As cinemas – like churches, bars, restaurants, hair salons etc. – begin the arduous process of trying to accommodate the public and still keep them safe during the time of Covid-19, we’re promised a rehash of old classics as the new releases are pushed back to mid-August at least.
At home we can watch our own material. One director I’ve been sampling a lot of recently is Jim Jarmusch. He makes films about the ordinary lives of ordinary people. Most of our lives are ordinary so they have a direct appeal. He always shows great sensitivity. Even when he makes a film about vampires, like Only Lovers Left Alive, it becomes poignant.
One of his most recent works is Paterson. It’s about a bus driver of that name who writes poetry. The poems seem ordinary too but, like Jarmusch’s films, they have a sense of deep profundity.
His wife is eccentric. She paints everything, even her dress. Her efforts at mastering the guitar are hilarious. Then there’s the dog who goes out to the garden every morning and knocks the postbox askew. The most exciting part of the film is where the bus breaks down.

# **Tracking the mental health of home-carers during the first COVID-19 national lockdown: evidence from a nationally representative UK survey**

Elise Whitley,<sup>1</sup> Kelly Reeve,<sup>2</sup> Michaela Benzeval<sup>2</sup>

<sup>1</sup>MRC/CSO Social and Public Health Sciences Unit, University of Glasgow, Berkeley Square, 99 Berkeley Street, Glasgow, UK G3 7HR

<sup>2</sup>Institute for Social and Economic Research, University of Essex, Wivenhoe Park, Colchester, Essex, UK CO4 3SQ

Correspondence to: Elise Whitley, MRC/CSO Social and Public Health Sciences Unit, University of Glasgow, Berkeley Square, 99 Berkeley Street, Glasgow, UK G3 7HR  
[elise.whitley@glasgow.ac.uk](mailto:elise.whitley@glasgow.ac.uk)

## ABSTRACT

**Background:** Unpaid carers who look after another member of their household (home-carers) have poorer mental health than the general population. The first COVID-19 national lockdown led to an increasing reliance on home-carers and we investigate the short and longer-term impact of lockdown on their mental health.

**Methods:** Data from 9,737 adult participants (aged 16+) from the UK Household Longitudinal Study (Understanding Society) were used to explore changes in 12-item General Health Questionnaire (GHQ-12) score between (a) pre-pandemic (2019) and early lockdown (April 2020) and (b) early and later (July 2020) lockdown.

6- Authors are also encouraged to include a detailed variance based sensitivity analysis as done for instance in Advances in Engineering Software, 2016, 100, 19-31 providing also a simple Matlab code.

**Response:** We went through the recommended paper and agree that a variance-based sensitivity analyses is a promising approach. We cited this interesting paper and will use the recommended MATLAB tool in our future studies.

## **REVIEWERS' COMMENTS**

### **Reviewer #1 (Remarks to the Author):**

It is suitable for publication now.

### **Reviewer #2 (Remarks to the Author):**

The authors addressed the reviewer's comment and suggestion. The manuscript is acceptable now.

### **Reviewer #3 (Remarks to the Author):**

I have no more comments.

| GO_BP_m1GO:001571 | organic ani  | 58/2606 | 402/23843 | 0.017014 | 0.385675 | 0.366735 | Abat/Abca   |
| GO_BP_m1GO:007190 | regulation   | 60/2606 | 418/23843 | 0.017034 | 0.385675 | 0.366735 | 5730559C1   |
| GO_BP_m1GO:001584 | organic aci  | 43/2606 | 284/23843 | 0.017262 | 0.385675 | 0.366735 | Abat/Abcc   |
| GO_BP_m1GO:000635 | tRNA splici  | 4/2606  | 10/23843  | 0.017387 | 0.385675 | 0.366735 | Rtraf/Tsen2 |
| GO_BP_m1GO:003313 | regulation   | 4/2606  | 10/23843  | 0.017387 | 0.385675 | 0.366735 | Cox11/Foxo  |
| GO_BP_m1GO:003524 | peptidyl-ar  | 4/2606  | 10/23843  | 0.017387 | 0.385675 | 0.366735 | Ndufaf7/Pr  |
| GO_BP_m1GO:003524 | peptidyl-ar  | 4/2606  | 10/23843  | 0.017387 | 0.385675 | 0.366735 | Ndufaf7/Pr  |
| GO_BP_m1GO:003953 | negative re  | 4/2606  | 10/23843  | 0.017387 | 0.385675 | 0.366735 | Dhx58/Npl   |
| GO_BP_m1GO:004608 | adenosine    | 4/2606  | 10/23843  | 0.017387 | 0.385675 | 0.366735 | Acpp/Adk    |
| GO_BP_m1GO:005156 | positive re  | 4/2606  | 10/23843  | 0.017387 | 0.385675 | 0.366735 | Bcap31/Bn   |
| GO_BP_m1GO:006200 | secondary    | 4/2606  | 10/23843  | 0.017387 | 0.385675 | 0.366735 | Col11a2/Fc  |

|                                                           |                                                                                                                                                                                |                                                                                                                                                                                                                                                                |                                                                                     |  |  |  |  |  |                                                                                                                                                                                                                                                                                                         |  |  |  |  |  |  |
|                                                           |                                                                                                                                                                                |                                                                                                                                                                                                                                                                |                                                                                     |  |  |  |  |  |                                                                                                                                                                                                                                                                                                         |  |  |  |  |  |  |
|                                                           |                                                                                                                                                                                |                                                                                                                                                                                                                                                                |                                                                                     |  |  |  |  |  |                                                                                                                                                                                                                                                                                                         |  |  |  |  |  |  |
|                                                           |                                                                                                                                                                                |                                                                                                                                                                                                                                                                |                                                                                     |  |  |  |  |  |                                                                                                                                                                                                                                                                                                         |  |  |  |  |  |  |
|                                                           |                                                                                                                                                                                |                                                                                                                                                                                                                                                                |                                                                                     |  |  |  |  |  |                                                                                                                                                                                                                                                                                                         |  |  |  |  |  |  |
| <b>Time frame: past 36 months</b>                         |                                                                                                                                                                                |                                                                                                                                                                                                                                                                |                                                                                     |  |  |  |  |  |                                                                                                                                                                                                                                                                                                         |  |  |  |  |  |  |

Jarmusch captures the slow life of his town, also called Paterson, to perfection. This is one of his most beguiling films. I urge you to see it.
Another director I’ve grown attached to over the years is Stephane Brize. He made a film years ago called Not Here To Be Loved. It’s a beautiful story of the May-December romance between a bailiff and a woman who’s engaged to be married to a man she doesn’t love.
It’s set against a backdrop of a tango dancing class. There’s a subplot about the man’s relationship to his father who’s in a nursing home. He appears not to care about his son but he does. Just how deeply is revealed in the film’s heartbreaking finale.
One of Brize’s most recent films is The Measure of a Man. It’s about how unemployment strips people of their dignity. It centres on a character played by Vincent Lindon. After losing his job he has to take a more menial one as a security person in a supermarket. He’s manifestly unsuited to this. We wait for him to crack.
I’ve been an admirer of Lindon for years. His face is like that of an Irish farmer. You should see him in Mademoiselle Chambon, a moving story about a doomed romance, or Anything For Her, a brilliant thriller about a man who springs his wife (Diane Kruger) from jail after she’s wrongfully arrested for murder. He doesn’t do much but in his small gestures he captures all the longing of the human heart.
All of these films are available from Amazon. Another one I bought recently from here is Elena, Andrei Zvyagintsev’s incredible story of a woman driven to a desperate act when her ailing husband decides to disinherit her child by a previous marriage. It’s icily powerful.